Fannie and Freddie tab is $146B and rising fast!
Fannie Mae and Freddie Mac took over a foreclosed home roughly every 90 seconds during the first three months of the year. They owned 163,828 houses at the end of March, a virtual city with more houses than Seattle. The mortgage finance companies, created by Congress to help Americans buy homes, have become two of the nation’s largest landlords. For all the focus on the historic federal rescue of the banking industry, it is the government’s decision to seize Fannie Mae and Freddie Mac in September 2008 that is likely to cost taxpayers the most money. So far the tab stands at $145.9 billion, and it grows with every foreclosure of a three-bedroom home with a two-car garage one hour from Phoenix. The Congressional Budget Office has predicted that the final bill could reach $389 billion.
Chancellor Angela Merkel’s government rebuffed U.S. calls to focus on bolstering growth over debt reduction, setting a course for conflict at the Group of 20 summit in Canada this week. “Nobody can seriously dispute that excessive public debts, not only in Europe, are one of the main causes of this crisis,” Finance Minister Wolfgang Schaeuble told reporters in Berlin today alongside Merkel. “That’s why they have to be reduced.” Germany is holding to G-20 commitments on exit strategies from fiscal stimulus, and “not violating international requirements for a coordinated strategy for sustainable growth,” Schaeuble said. “We will face up to the international debate and I think we can do that with a great deal of self- confidence,” he said.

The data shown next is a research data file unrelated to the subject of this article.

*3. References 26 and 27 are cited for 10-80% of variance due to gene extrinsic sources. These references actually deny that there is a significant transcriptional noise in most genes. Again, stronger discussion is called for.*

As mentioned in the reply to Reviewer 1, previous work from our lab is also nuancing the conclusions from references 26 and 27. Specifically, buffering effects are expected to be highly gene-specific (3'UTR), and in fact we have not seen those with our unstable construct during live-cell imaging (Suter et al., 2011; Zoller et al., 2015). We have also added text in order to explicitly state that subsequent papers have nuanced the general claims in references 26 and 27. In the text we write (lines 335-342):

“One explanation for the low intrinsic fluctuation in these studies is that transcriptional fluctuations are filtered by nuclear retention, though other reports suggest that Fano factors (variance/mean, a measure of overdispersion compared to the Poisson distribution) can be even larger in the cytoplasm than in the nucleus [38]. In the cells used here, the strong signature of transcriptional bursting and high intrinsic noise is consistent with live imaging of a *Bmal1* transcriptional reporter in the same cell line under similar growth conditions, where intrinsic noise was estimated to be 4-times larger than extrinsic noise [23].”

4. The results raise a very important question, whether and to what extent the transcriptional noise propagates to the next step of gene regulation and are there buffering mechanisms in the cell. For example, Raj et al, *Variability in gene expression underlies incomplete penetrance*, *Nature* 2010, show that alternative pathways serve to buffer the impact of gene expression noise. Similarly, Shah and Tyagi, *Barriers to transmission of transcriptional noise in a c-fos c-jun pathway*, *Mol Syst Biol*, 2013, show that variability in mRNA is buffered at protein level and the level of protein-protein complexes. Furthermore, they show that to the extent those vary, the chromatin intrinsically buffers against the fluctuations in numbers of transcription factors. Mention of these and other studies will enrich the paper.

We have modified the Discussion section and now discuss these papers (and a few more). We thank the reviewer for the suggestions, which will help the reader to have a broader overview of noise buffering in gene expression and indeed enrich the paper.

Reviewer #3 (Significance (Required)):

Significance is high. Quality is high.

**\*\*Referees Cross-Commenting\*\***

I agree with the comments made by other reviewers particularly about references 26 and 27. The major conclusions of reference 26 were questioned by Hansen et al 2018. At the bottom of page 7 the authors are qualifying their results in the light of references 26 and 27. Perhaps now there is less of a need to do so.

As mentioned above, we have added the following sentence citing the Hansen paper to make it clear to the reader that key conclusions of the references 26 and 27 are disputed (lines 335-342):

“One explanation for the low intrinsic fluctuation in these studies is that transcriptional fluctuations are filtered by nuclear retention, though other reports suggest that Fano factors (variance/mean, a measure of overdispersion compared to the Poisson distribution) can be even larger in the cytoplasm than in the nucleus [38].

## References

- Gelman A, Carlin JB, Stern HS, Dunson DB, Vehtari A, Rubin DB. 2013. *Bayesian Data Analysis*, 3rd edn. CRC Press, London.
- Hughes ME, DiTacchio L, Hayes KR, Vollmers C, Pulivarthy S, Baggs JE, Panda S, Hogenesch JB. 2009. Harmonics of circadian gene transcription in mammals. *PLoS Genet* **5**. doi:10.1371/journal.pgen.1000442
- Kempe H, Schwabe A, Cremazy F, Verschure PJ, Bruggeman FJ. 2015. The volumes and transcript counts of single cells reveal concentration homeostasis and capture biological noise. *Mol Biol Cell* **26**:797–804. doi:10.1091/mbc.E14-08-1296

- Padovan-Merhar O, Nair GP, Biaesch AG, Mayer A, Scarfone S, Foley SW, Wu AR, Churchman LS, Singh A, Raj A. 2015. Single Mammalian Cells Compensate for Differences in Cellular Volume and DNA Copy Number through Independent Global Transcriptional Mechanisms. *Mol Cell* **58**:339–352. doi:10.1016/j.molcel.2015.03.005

Chasing bigger investment returns, the agency that manages Florida's $113.8 billion public pension fund wants to make far riskier investment bets. The state wants to reduce the pension fund's holdings in publicly traded stocks and bonds and triple its allocation to hedge funds and other private investments that are less liquid and harder to value. Several financial experts said that expecting higher returns with lower risk is as realistic as promising weight loss on an all-you-can-eat diet.
Sometimes the most interesting answers to financial questions come from scientific labs. A study published last week in the journal Current Biology found that the value you place on something is likely to go up when other people tell you it is worth more than you thought, and down when others say it is worth less. More strikingly, if your evaluation agrees with what others tell you, then a part of your brain that specializes in processing rewards kicks into high gear. In other words, investors often go along with the crowd because—at the most basic biological level—conformity feels good. Moving in herds doesn't just give investors a sense of "safety in numbers." It also gives them pleasure.
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